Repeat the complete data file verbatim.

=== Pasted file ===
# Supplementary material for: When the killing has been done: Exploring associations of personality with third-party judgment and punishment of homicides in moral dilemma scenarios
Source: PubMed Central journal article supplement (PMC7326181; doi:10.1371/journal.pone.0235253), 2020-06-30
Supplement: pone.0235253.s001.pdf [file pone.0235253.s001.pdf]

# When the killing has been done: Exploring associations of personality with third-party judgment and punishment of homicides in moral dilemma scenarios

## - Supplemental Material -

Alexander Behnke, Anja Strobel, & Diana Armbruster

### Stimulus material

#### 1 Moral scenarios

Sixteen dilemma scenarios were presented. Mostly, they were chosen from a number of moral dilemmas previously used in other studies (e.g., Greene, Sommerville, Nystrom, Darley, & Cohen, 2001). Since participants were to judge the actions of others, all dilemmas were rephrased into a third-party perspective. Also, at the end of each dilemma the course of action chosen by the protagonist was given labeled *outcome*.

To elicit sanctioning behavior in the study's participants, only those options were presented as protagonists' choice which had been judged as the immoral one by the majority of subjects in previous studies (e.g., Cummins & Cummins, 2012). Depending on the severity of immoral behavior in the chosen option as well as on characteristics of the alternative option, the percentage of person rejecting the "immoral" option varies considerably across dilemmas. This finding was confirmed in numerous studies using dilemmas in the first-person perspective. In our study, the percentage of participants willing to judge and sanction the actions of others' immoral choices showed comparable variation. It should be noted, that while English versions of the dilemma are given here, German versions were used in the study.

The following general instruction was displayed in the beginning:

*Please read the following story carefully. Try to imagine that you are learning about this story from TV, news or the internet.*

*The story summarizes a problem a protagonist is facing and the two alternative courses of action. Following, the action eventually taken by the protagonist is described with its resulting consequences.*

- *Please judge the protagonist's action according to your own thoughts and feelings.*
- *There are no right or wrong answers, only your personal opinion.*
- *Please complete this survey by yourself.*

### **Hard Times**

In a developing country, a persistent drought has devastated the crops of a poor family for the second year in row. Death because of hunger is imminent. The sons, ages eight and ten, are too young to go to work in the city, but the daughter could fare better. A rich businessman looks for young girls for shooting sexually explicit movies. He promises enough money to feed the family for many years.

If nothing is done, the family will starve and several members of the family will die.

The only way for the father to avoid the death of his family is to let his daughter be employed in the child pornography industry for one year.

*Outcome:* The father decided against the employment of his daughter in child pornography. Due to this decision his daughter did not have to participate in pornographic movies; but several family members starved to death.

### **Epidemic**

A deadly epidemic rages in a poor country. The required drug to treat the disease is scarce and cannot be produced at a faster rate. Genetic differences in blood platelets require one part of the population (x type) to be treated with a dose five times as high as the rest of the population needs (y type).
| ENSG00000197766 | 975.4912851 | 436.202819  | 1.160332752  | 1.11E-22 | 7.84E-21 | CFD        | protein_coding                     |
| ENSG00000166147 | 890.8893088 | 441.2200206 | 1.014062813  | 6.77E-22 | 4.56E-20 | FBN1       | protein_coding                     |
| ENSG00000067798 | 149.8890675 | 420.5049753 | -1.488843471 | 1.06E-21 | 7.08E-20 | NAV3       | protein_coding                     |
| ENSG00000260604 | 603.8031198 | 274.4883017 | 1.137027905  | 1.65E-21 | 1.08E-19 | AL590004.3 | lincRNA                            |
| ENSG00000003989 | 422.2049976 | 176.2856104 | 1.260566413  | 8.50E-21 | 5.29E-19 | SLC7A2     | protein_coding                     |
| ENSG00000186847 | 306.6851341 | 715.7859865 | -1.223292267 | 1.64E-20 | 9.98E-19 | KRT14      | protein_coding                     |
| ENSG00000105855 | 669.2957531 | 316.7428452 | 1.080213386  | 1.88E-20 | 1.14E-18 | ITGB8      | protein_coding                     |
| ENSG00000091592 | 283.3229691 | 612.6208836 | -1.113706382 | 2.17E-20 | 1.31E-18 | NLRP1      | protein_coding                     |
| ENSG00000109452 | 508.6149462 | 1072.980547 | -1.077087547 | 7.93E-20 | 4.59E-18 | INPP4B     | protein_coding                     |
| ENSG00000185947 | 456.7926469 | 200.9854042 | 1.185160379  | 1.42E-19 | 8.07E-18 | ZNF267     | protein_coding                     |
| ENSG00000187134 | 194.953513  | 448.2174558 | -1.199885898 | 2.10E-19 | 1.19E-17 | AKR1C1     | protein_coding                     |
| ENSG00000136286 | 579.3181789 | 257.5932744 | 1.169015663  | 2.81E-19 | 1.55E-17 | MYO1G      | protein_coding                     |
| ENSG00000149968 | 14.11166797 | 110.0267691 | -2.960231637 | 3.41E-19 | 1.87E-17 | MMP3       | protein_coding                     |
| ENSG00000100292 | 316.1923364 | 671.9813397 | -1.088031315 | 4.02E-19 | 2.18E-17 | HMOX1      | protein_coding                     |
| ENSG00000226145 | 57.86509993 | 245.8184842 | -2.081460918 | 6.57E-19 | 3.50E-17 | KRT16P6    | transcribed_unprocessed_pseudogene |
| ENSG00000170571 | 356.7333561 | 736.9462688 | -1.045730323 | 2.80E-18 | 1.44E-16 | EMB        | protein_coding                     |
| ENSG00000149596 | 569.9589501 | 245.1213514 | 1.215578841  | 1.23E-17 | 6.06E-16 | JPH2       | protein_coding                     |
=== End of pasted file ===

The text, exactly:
# Supplementary material for: When the killing has been done: Exploring associations of personality with third-party judgment and punishment of homicides in moral dilemma scenarios
Source: PubMed Central journal article supplement (PMC7326181; doi:10.1371/journal.pone.0235253), 2020-06-30
Supplement: pone.0235253.s001.pdf [file pone.0235253.s001.pdf]

# When the killing has been done: Exploring associations of personality with third-party judgment and punishment of homicides in moral dilemma scenarios

## - Supplemental Material -

Alexander Behnke, Anja Strobel, & Diana Armbruster

### Stimulus material

#### 1 Moral scenarios

Sixteen dilemma scenarios were presented. Mostly, they were chosen from a number of moral dilemmas previously used in other studies (e.g., Greene, Sommerville, Nystrom, Darley, & Cohen, 2001). Since participants were to judge the actions of others, all dilemmas were rephrased into a third-party perspective. Also, at the end of each dilemma the course of action chosen by the protagonist was given labeled *outcome*.

To elicit sanctioning behavior in the study's participants, only those options were presented as protagonists' choice which had been judged as the immoral one by the majority of subjects in previous studies (e.g., Cummins & Cummins, 2012). Depending on the severity of immoral behavior in the chosen option as well as on characteristics of the alternative option, the percentage of person rejecting the "immoral" option varies considerably across dilemmas. This finding was confirmed in numerous studies using dilemmas in the first-person perspective. In our study, the percentage of participants willing to judge and sanction the actions of others' immoral choices showed comparable variation. It should be noted, that while English versions of the dilemma are given here, German versions were used in the study.

The following general instruction was displayed in the beginning:

*Please read the following story carefully. Try to imagine that you are learning about this story from TV, news or the internet.*

*The story summarizes a problem a protagonist is facing and the two alternative courses of action. Following, the action eventually taken by the protagonist is described with its resulting consequences.*

- *Please judge the protagonist's action according to your own thoughts and feelings.*
- *There are no right or wrong answers, only your personal opinion.*
- *Please complete this survey by yourself.*

### **Hard Times**

In a developing country, a persistent drought has devastated the crops of a poor family for the second year in row. Death because of hunger is imminent. The sons, ages eight and ten, are too young to go to work in the city, but the daughter could fare better. A rich businessman looks for young girls for shooting sexually explicit movies. He promises enough money to feed the family for many years.

If nothing is done, the family will starve and several members of the family will die.

The only way for the father to avoid the death of his family is to let his daughter be employed in the child pornography industry for one year.

*Outcome:* The father decided against the employment of his daughter in child pornography. Due to this decision his daughter did not have to participate in pornographic movies; but several family members starved to death.

### **Epidemic**

A deadly epidemic rages in a poor country. The required drug to treat the disease is scarce and cannot be produced at a faster rate. Genetic differences in blood platelets require one part of the population (x type) to be treated with a dose five times as high as the rest of the population needs (y type).
| ENSG00000197766 | 975.4912851 | 436.202819  | 1.160332752  | 1.11E-22 | 7.84E-21 | CFD        | protein_coding                     |
| ENSG00000166147 | 890.8893088 | 441.2200206 | 1.014062813  | 6.77E-22 | 4.56E-20 | FBN1       | protein_coding                     |
| ENSG00000067798 | 149.8890675 | 420.5049753 | -1.488843471 | 1.06E-21 | 7.08E-20 | NAV3       | protein_coding                     |
| ENSG00000260604 | 603.8031198 | 274.4883017 | 1.137027905  | 1.65E-21 | 1.08E-19 | AL590004.3 | lincRNA                            |
| ENSG00000003989 | 422.2049976 | 176.2856104 | 1.260566413  | 8.50E-21 | 5.29E-19 | SLC7A2     | protein_coding                     |
| ENSG00000186847 | 306.6851341 | 715.7859865 | -1.223292267 | 1.64E-20 | 9.98E-19 | KRT14      | protein_coding                     |
| ENSG00000105855 | 669.2957531 | 316.7428452 | 1.080213386  | 1.88E-20 | 1.14E-18 | ITGB8      | protein_coding                     |
| ENSG00000091592 | 283.3229691 | 612.6208836 | -1.113706382 | 2.17E-20 | 1.31E-18 | NLRP1      | protein_coding                     |
| ENSG00000109452 | 508.6149462 | 1072.980547 | -1.077087547 | 7.93E-20 | 4.59E-18 | INPP4B     | protein_coding                     |
| ENSG00000185947 | 456.7926469 | 200.9854042 | 1.185160379  | 1.42E-19 | 8.07E-18 | ZNF267     | protein_coding                     |
| ENSG00000187134 | 194.953513  | 448.2174558 | -1.199885898 | 2.10E-19 | 1.19E-17 | AKR1C1     | protein_coding                     |
| ENSG00000136286 | 579.3181789 | 257.5932744 | 1.169015663  | 2.81E-19 | 1.55E-17 | MYO1G      | protein_coding                     |
| ENSG00000149968 | 14.11166797 | 110.0267691 | -2.960231637 | 3.41E-19 | 1.87E-17 | MMP3       | protein_coding                     |
| ENSG00000100292 | 316.1923364 | 671.9813397 | -1.088031315 | 4.02E-19 | 2.18E-17 | HMOX1      | protein_coding                     |
| ENSG00000226145 | 57.86509993 | 245.8184842 | -2.081460918 | 6.57E-19 | 3.50E-17 | KRT16P6    | transcribed_unprocessed_pseudogene |
| ENSG00000170571 | 356.7333561 | 736.9462688 | -1.045730323 | 2.80E-18 | 1.44E-16 | EMB        | protein_coding                     |
| ENSG00000149596 | 569.9589501 | 245.1213514 | 1.215578841  | 1.23E-17 | 6.06E-16 | JPH2       | protein_coding                     |